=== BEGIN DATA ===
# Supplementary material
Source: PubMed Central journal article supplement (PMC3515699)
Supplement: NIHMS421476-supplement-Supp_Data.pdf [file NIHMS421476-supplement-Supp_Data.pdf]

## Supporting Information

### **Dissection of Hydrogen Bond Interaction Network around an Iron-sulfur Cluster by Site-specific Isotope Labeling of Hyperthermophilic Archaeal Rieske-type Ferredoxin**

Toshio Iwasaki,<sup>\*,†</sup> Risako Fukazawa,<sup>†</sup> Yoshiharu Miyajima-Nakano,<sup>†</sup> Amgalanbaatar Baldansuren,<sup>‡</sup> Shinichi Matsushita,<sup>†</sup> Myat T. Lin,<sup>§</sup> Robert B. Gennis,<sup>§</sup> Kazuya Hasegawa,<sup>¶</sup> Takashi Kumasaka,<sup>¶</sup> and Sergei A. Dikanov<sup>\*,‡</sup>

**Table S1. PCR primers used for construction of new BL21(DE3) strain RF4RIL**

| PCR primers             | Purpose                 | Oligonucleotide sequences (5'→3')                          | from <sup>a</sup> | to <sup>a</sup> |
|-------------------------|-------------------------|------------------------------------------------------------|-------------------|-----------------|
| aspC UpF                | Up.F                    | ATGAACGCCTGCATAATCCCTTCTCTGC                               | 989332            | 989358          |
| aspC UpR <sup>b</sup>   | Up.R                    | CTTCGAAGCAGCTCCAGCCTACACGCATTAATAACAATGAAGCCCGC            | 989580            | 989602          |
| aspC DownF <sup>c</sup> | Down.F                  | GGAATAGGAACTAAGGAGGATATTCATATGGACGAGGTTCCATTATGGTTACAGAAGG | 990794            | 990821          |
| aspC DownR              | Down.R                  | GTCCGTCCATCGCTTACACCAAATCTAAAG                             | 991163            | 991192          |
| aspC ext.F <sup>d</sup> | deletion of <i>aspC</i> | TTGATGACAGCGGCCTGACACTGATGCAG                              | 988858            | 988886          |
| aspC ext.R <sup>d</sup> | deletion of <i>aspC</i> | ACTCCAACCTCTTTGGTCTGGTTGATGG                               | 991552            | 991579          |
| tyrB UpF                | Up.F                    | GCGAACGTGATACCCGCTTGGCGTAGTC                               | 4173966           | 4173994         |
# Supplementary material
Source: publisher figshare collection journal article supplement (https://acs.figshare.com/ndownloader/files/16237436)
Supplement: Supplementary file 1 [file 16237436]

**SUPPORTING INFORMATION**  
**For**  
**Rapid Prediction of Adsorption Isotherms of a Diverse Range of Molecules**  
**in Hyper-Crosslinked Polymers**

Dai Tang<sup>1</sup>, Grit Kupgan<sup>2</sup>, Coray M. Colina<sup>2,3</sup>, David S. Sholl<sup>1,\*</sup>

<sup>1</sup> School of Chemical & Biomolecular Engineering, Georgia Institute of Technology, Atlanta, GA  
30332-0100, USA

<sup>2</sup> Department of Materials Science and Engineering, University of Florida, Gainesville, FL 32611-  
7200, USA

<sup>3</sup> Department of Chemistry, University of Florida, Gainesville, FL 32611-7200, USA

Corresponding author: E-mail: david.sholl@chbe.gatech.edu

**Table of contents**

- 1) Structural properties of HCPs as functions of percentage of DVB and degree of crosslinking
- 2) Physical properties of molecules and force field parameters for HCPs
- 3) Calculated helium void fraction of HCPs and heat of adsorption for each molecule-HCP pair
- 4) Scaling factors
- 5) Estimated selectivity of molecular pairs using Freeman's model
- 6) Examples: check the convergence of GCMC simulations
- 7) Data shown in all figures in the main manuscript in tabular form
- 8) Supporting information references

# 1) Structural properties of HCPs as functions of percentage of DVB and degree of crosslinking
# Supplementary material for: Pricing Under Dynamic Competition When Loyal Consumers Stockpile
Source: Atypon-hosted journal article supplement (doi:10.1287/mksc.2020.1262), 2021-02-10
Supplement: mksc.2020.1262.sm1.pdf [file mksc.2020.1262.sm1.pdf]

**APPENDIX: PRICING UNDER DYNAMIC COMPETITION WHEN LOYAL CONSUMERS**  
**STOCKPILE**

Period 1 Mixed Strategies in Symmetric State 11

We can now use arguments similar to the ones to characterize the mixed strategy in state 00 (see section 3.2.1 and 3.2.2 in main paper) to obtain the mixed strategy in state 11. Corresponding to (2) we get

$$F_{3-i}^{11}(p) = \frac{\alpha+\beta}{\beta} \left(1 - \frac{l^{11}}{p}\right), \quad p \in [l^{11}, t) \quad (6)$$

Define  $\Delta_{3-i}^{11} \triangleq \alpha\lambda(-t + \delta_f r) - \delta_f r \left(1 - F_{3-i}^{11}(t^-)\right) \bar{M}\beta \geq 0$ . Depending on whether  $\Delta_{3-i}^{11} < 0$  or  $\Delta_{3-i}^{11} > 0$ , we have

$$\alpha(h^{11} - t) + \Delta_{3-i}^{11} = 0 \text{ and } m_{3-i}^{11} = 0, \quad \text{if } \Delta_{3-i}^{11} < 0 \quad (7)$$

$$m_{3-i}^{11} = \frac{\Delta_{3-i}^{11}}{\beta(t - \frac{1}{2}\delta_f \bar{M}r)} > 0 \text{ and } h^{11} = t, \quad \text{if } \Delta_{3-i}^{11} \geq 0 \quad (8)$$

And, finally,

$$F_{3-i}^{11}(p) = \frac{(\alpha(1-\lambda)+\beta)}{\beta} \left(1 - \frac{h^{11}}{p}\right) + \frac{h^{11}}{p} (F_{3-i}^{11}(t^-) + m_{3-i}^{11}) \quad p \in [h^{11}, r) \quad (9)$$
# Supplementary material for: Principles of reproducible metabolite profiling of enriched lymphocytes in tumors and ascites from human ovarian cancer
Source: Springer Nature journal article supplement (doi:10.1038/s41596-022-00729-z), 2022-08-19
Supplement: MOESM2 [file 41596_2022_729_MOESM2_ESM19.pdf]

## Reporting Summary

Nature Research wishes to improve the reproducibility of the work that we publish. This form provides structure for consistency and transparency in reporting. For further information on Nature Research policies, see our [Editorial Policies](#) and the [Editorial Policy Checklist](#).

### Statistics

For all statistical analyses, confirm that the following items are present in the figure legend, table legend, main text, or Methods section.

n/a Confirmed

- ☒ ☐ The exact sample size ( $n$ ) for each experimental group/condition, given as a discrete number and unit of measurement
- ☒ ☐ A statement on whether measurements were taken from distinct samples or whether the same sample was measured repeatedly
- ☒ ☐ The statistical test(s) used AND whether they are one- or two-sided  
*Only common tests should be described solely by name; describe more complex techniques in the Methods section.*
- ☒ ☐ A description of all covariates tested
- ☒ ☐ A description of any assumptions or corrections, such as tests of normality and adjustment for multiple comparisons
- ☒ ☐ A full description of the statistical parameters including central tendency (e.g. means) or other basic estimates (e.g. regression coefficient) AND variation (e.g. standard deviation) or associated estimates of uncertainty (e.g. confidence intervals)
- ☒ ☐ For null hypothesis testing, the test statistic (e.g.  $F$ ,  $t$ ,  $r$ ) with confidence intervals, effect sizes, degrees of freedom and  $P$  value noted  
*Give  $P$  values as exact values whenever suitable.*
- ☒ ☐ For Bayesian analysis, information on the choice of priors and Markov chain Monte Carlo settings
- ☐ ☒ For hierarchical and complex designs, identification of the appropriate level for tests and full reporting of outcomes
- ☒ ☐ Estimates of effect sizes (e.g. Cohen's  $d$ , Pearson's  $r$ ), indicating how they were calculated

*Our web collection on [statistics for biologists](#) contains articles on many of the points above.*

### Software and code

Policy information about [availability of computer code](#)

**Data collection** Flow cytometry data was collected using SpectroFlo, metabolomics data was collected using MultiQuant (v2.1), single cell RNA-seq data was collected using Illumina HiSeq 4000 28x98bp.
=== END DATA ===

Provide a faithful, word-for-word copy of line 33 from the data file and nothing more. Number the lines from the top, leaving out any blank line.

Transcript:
- 2) Physical properties of molecules and force field parameters for HCPs